We might all welcome London’s success as a thriving commercial and cultural centre, but its success comes at a price and we need to look for a better balance than we currently see between London and the rest of the UK, argues Mark Eltringham.
London is increasingly a victim of its own success. Its thriving tech and creative firms continue to spill out of the incubator districts created for them to find cheaper and more appropriate spaces in which to grow. In doing so they are pushing up rents in unlikely nearby places such as Croydon. In the traditional business districts in the City and Docklands, the capital’s tech giants are now able to compete for the first time for some of the most expensive real estate on the planet. To cope with demand, the Mayor is rubberstamping tall buildings like never before, many of them bloody awful, unloved by Londoners and heritage organisations alike, transforming the skyline and creating windswept, arid tundra at their feet.
London exists, as it has done for some time, as a semi-autonomous city state within the UK. It no longer belongs to this country as much as it does to the world and so has a complex relationship with other regions. It generates far more wealth than any other city but also exerts a disproportionate pull on the UK’s resources, luring talent from the rest of the country and enjoying far more investment in infrastructure.
This is even true for HS2, in spite of the attempts to link it with the currently half-baked idea of a ‘Northern Powerhouse’. The main beneficiary of HS2 will be London, enjoying more economic benefits than the rest of the country combined, which means that it will widen the economic divide, not close it. Its main effect for travellers will be to increase capacity where it is most needed, which means the commuter lines south of Rugby. Crossrail will similarly intensify London’s scale and gravity.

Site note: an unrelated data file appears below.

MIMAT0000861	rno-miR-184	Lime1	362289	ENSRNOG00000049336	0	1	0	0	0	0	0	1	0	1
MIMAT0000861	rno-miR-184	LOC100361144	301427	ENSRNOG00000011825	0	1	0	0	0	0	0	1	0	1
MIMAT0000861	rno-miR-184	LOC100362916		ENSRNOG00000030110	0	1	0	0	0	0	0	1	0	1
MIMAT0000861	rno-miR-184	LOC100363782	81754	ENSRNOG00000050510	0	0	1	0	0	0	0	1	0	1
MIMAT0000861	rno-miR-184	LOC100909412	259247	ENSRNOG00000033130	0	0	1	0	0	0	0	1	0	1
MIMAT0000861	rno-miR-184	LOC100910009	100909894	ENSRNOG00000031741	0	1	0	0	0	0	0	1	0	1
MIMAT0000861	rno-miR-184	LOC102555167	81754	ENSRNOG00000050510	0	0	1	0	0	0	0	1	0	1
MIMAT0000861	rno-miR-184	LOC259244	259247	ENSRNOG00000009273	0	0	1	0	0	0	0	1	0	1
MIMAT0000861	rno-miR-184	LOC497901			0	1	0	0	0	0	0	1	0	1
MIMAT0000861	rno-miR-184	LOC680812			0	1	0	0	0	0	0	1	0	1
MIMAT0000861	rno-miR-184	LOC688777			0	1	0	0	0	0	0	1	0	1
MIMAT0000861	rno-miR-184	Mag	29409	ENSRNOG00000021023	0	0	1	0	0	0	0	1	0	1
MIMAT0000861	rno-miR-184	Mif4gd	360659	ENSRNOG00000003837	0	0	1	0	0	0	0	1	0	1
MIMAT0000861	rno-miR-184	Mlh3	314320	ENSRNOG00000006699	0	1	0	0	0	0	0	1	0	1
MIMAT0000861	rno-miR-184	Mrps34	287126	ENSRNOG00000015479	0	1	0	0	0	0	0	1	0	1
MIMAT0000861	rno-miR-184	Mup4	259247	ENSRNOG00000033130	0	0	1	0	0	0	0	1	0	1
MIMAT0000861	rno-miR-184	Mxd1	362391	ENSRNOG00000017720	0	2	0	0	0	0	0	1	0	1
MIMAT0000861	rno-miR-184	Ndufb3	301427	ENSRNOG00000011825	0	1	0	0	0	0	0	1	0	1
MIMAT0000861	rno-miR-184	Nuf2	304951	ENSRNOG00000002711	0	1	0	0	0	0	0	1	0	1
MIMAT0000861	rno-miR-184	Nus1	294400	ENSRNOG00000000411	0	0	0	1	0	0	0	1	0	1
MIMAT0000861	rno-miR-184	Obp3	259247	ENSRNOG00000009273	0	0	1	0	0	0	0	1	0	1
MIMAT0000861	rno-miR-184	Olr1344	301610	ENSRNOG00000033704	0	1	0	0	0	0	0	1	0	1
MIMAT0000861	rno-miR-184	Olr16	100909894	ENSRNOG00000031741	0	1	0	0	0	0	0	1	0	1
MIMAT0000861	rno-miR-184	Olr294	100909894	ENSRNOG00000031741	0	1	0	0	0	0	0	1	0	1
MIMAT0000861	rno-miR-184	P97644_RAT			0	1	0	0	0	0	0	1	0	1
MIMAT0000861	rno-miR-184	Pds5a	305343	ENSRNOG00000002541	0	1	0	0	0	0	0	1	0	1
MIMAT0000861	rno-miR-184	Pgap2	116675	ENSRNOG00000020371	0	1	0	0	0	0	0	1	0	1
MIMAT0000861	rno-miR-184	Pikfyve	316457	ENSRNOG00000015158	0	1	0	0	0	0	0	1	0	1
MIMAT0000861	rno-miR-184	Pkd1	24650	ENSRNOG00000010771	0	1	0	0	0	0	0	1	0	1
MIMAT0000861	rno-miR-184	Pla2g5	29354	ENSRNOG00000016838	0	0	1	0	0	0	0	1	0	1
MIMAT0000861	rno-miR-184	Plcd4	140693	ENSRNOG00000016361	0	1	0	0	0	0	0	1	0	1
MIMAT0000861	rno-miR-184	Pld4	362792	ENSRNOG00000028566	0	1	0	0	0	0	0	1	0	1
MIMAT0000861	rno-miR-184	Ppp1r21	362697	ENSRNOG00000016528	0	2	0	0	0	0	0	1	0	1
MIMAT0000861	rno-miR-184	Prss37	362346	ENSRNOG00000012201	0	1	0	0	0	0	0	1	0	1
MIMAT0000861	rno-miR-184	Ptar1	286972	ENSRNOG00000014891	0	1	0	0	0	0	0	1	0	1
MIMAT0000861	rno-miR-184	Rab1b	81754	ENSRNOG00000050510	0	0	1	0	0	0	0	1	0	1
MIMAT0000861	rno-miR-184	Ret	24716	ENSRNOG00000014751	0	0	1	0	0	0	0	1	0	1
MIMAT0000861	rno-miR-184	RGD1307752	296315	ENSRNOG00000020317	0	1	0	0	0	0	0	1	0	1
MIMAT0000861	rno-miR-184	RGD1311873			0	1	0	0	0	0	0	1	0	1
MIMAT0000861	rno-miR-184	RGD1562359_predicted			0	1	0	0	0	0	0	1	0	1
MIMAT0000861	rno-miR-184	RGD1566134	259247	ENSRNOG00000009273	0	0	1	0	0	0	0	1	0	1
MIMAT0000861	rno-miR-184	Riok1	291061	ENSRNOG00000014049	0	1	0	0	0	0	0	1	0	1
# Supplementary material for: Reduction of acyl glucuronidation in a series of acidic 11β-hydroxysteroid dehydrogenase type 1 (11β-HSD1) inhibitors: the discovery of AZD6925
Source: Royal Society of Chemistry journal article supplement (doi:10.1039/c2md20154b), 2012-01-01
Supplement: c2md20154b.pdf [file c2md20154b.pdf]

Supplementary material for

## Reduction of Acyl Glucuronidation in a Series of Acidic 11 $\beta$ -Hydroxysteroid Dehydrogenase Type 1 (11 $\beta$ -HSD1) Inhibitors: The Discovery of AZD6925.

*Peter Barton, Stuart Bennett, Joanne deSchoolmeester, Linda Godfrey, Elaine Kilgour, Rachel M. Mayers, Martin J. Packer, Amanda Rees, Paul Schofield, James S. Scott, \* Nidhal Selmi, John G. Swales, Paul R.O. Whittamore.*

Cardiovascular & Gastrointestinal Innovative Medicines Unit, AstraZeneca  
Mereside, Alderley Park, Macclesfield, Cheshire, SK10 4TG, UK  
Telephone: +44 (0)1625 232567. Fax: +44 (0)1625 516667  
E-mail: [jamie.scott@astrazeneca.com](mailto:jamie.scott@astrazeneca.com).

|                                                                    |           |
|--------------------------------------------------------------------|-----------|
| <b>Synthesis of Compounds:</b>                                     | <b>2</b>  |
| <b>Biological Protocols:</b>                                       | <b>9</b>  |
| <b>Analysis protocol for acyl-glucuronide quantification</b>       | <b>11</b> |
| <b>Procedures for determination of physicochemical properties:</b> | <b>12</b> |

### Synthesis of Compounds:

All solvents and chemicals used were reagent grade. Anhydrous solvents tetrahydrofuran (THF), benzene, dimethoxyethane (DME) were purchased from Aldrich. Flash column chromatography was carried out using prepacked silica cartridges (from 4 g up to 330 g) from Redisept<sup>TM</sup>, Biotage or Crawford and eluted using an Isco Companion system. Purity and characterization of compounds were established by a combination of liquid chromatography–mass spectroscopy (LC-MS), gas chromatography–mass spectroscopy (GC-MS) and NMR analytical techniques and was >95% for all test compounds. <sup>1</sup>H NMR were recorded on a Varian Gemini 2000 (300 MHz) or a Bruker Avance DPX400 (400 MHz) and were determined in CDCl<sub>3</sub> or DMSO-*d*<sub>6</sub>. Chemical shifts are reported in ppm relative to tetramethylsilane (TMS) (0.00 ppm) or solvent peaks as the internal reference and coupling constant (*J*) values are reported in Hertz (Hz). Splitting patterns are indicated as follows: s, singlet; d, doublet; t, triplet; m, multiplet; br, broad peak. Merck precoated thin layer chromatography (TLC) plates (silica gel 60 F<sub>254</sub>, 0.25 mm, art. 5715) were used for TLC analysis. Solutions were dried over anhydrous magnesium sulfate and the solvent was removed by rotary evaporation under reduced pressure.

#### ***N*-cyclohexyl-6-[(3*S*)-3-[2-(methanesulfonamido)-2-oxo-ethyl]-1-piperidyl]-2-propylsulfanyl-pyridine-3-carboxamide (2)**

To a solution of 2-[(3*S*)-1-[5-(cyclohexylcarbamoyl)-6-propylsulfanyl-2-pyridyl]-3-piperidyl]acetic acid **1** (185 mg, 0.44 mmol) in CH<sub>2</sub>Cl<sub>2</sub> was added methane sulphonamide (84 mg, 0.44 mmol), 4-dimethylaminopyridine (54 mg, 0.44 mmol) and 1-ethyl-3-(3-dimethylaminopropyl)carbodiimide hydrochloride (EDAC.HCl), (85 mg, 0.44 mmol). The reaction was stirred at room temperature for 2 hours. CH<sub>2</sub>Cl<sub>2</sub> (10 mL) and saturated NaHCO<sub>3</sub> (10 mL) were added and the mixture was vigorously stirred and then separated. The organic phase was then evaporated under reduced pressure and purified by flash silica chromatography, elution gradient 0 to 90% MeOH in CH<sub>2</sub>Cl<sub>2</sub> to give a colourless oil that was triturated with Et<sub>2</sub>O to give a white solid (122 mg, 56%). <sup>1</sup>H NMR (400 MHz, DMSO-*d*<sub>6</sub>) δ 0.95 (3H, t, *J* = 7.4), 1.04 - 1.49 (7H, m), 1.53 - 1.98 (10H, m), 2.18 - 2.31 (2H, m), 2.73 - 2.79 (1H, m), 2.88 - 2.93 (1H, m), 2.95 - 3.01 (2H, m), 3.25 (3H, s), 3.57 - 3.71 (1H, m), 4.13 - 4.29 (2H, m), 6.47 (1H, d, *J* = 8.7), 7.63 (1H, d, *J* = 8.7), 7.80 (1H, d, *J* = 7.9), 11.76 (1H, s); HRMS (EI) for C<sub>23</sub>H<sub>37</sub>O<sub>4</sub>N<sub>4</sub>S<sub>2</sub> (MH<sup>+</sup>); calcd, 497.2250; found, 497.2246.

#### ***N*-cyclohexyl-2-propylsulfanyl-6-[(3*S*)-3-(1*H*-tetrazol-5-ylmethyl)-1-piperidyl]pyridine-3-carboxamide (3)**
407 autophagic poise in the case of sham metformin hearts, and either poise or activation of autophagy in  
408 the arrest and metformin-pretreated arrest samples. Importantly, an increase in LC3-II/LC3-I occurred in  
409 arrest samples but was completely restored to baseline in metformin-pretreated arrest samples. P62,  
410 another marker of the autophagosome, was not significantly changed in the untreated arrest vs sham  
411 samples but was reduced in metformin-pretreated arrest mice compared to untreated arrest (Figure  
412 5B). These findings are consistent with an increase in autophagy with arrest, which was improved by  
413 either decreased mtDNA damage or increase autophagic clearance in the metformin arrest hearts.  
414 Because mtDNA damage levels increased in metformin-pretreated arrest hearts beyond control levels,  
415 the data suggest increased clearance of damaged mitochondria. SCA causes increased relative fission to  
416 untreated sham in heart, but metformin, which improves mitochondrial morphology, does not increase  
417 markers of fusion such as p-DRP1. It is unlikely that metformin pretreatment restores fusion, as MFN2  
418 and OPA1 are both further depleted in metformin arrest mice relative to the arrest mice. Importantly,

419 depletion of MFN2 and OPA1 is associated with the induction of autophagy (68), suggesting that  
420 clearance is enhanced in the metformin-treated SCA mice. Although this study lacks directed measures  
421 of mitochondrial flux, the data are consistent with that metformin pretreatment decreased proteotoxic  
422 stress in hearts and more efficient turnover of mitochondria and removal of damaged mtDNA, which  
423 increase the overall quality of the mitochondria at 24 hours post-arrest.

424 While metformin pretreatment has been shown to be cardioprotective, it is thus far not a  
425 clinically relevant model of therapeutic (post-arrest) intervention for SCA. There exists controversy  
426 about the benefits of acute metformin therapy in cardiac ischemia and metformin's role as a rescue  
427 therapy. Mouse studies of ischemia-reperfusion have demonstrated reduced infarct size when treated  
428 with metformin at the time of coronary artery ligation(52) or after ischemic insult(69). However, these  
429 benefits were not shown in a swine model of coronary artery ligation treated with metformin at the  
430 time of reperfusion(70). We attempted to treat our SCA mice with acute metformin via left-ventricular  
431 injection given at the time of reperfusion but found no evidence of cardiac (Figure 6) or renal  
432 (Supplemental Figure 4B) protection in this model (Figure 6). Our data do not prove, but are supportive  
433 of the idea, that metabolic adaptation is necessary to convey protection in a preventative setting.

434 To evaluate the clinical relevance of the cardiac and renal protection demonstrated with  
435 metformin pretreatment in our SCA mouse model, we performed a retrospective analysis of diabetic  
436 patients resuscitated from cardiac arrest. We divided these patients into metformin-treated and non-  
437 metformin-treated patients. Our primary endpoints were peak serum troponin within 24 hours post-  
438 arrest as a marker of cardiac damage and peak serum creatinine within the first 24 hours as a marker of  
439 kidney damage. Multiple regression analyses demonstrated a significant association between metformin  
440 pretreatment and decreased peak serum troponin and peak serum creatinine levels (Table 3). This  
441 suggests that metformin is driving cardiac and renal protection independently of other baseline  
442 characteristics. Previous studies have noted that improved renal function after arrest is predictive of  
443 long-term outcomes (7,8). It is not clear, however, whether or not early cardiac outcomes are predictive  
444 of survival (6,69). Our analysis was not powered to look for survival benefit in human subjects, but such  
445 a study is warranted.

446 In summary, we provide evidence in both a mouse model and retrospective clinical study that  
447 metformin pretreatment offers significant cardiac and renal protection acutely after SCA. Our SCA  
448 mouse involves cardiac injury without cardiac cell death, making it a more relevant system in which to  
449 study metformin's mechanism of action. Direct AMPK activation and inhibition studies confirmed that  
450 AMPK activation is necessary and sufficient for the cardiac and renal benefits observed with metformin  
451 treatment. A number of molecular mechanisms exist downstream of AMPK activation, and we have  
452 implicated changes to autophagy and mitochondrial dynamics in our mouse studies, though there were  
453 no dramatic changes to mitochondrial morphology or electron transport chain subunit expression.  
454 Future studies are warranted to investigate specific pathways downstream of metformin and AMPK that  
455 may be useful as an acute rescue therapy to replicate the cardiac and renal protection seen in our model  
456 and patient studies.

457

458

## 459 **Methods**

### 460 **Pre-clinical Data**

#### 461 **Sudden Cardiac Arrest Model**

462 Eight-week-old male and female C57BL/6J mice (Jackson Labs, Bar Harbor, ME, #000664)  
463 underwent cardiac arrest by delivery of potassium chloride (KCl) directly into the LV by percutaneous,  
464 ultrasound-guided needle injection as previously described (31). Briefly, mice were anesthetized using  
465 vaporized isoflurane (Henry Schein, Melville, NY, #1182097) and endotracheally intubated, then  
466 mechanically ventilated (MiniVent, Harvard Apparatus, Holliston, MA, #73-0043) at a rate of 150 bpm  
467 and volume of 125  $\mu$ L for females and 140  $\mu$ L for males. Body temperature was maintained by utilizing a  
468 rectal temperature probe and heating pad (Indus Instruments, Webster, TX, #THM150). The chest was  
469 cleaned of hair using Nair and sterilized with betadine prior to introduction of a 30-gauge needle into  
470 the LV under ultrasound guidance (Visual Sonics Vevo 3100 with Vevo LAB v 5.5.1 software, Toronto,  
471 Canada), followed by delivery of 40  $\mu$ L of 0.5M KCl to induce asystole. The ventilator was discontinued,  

“London exists, as it has done for some time, as a semi-autonomous city state within the UK.”
The success of London means that many firms and the people they employ are finding it increasingly difficult to justify being there and we are seeing the first signs of a flight. According to Lambert Smith Hampton’s annual Office Market Report, cities such as Bristol, Manchester and Birmingham offer staff and premises costs for a new-build office of just over £50,000 per workstation. Measured on the same basis, a workstation in London’s Midtown area carries an annual cost of over £80,000. The report predicts that firms will find the draw of lower costs too attractive to justify staying in London.
Their only problem is finding the talent elsewhere, so it may be fortunate for them that they’re not the only ones questioning the financial cost associated with working in London. The average Londoner living in rented accommodation now spends around a third of their income just on rent. For those lucky enough to buy their own place, they’ll find that average house prices are £556,350, more expensive than South East of England (£357,016) and East of England (£292,004) according to Rightmove.
If the Government is serious about keeping in step with these trends and also relieving some of the pressure on London, it needs to switch its focus. HS2 simply won’t do it and is too far off anyway. The Northern Powerhouse remains primarily a vague bit of sloganeering. So it needs to invest immediately in vastly better broadband and local transport infrastructure that focuses on better connectivity in regional centres.